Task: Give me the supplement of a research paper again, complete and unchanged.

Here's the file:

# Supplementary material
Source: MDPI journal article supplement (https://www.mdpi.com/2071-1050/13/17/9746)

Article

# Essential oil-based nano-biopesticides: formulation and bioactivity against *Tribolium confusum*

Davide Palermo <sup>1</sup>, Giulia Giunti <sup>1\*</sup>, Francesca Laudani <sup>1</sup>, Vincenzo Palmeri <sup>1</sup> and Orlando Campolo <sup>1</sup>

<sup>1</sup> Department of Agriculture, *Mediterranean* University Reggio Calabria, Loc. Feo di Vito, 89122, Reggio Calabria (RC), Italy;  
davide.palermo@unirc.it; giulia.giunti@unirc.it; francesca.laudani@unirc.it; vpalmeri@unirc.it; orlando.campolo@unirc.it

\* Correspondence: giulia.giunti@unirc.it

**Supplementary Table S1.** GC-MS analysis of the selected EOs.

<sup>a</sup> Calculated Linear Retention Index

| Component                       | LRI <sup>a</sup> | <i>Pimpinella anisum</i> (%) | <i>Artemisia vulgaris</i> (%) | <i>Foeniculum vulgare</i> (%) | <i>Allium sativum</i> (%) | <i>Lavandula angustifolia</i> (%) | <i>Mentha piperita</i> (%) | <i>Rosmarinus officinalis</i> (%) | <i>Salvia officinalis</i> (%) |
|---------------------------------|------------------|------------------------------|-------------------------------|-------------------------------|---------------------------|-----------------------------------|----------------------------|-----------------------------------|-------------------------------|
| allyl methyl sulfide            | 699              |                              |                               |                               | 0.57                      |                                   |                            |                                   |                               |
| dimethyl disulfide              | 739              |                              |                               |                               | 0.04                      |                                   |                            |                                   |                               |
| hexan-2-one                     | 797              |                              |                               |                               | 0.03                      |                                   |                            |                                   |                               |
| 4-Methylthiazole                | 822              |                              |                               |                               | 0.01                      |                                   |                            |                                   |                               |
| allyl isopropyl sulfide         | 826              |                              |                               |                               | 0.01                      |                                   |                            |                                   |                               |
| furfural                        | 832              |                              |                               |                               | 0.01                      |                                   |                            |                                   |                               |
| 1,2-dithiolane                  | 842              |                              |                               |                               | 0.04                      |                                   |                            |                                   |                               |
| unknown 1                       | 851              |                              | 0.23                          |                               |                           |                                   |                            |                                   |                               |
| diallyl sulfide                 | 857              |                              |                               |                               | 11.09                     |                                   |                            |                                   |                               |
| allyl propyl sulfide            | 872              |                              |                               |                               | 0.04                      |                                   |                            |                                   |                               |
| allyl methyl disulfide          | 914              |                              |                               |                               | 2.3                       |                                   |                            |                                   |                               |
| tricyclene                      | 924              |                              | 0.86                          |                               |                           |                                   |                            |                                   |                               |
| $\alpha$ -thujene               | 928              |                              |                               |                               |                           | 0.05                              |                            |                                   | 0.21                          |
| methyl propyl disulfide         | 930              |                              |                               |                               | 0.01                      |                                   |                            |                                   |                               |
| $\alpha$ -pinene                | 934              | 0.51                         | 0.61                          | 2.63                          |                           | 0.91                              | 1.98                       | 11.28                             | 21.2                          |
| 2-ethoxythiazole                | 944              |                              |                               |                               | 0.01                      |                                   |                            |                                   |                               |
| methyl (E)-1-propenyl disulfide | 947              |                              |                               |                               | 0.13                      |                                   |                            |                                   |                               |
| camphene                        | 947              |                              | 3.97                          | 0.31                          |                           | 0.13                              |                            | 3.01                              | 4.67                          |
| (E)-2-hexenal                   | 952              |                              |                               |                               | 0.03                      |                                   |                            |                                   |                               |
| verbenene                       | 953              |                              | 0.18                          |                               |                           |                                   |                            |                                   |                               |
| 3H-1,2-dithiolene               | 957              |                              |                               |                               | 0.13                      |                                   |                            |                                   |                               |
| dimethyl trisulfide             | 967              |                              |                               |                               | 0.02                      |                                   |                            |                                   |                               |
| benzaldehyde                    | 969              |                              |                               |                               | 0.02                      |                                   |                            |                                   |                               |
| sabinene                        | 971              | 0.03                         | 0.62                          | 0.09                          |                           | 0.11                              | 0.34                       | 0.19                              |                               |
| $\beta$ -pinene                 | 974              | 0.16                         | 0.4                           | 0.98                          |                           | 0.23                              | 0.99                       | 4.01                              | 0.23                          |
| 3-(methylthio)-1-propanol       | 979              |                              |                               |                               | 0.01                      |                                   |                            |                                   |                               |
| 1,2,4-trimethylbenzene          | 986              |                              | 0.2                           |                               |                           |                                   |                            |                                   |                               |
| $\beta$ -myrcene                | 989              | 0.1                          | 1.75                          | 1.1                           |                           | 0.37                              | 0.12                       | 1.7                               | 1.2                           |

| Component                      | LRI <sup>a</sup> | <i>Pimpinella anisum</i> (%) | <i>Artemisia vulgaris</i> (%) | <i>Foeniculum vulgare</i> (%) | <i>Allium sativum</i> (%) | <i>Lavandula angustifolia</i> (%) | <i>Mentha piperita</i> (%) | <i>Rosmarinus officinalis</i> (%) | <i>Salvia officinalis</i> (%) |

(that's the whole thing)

# Supplementary material
Source: MDPI journal article supplement (https://www.mdpi.com/2071-1050/13/17/9746)

Article

# Essential oil-based nano-biopesticides: formulation and bioactivity against *Tribolium confusum*

Davide Palermo <sup>1</sup>, Giulia Giunti <sup>1\*</sup>, Francesca Laudani <sup>1</sup>, Vincenzo Palmeri <sup>1</sup> and Orlando Campolo <sup>1</sup>

<sup>1</sup> Department of Agriculture, *Mediterranean* University Reggio Calabria, Loc. Feo di Vito, 89122, Reggio Calabria (RC), Italy;  
davide.palermo@unirc.it; giulia.giunti@unirc.it; francesca.laudani@unirc.it; vpalmeri@unirc.it; orlando.campolo@unirc.it

\* Correspondence: giulia.giunti@unirc.it

**Supplementary Table S1.** GC-MS analysis of the selected EOs.

<sup>a</sup> Calculated Linear Retention Index

| Component                       | LRI <sup>a</sup> | <i>Pimpinella anisum</i> (%) | <i>Artemisia vulgaris</i> (%) | <i>Foeniculum vulgare</i> (%) | <i>Allium sativum</i> (%) | <i>Lavandula angustifolia</i> (%) | <i>Mentha piperita</i> (%) | <i>Rosmarinus officinalis</i> (%) | <i>Salvia officinalis</i> (%) |
|---------------------------------|------------------|------------------------------|-------------------------------|-------------------------------|---------------------------|-----------------------------------|----------------------------|-----------------------------------|-------------------------------|
| allyl methyl sulfide            | 699              |                              |                               |                               | 0.57                      |                                   |                            |                                   |                               |
| dimethyl disulfide              | 739              |                              |                               |                               | 0.04                      |                                   |                            |                                   |                               |
| hexan-2-one                     | 797              |                              |                               |                               | 0.03                      |                                   |                            |                                   |                               |
| 4-Methylthiazole                | 822              |                              |                               |                               | 0.01                      |                                   |                            |                                   |                               |
| allyl isopropyl sulfide         | 826              |                              |                               |                               | 0.01                      |                                   |                            |                                   |                               |
| furfural                        | 832              |                              |                               |                               | 0.01                      |                                   |                            |                                   |                               |
| 1,2-dithiolane                  | 842              |                              |                               |                               | 0.04                      |                                   |                            |                                   |                               |
| unknown 1                       | 851              |                              | 0.23                          |                               |                           |                                   |                            |                                   |                               |
| diallyl sulfide                 | 857              |                              |                               |                               | 11.09                     |                                   |                            |                                   |                               |
| allyl propyl sulfide            | 872              |                              |                               |                               | 0.04                      |                                   |                            |                                   |                               |
| allyl methyl disulfide          | 914              |                              |                               |                               | 2.3                       |                                   |                            |                                   |                               |
| tricyclene                      | 924              |                              | 0.86                          |                               |                           |                                   |                            |                                   |                               |
| $\alpha$ -thujene               | 928              |                              |                               |                               |                           | 0.05                              |                            |                                   | 0.21                          |
| methyl propyl disulfide         | 930              |                              |                               |                               | 0.01                      |                                   |                            |                                   |                               |
| $\alpha$ -pinene                | 934              | 0.51                         | 0.61                          | 2.63                          |                           | 0.91                              | 1.98                       | 11.28                             | 21.2                          |
| 2-ethoxythiazole                | 944              |                              |                               |                               | 0.01                      |                                   |                            |                                   |                               |
| methyl (E)-1-propenyl disulfide | 947              |                              |                               |                               | 0.13                      |                                   |                            |                                   |                               |
| camphene                        | 947              |                              | 3.97                          | 0.31                          |                           | 0.13                              |                            | 3.01                              | 4.67                          |
| (E)-2-hexenal                   | 952              |                              |                               |                               | 0.03                      |                                   |                            |                                   |                               |
| verbenene                       | 953              |                              | 0.18                          |                               |                           |                                   |                            |                                   |                               |
| 3H-1,2-dithiolene               | 957              |                              |                               |                               | 0.13                      |                                   |                            |                                   |                               |
| dimethyl trisulfide             | 967              |                              |                               |                               | 0.02                      |                                   |                            |                                   |                               |
| benzaldehyde                    | 969              |                              |                               |                               | 0.02                      |                                   |                            |                                   |                               |
| sabinene                        | 971              | 0.03                         | 0.62                          | 0.09                          |                           | 0.11                              | 0.34                       | 0.19                              |                               |
| $\beta$ -pinene                 | 974              | 0.16                         | 0.4                           | 0.98                          |                           | 0.23                              | 0.99                       | 4.01                              | 0.23                          |
| 3-(methylthio)-1-propanol       | 979              |                              |                               |                               | 0.01                      |                                   |                            |                                   |                               |
| 1,2,4-trimethylbenzene          | 986              |                              | 0.2                           |                               |                           |                                   |                            |                                   |                               |
| $\beta$ -myrcene                | 989              | 0.1                          | 1.75                          | 1.1                           |                           | 0.37                              | 0.12                       | 1.7                               | 1.2                           |

| Component                      | LRI <sup>a</sup> | <i>Pimpinella anisum</i> (%) | <i>Artemisia vulgaris</i> (%) | <i>Foeniculum vulgare</i> (%) | <i>Allium sativum</i> (%) | <i>Lavandula angustifolia</i> (%) | <i>Mentha piperita</i> (%) | <i>Rosmarinus officinalis</i> (%) | <i>Salvia officinalis</i> (%) |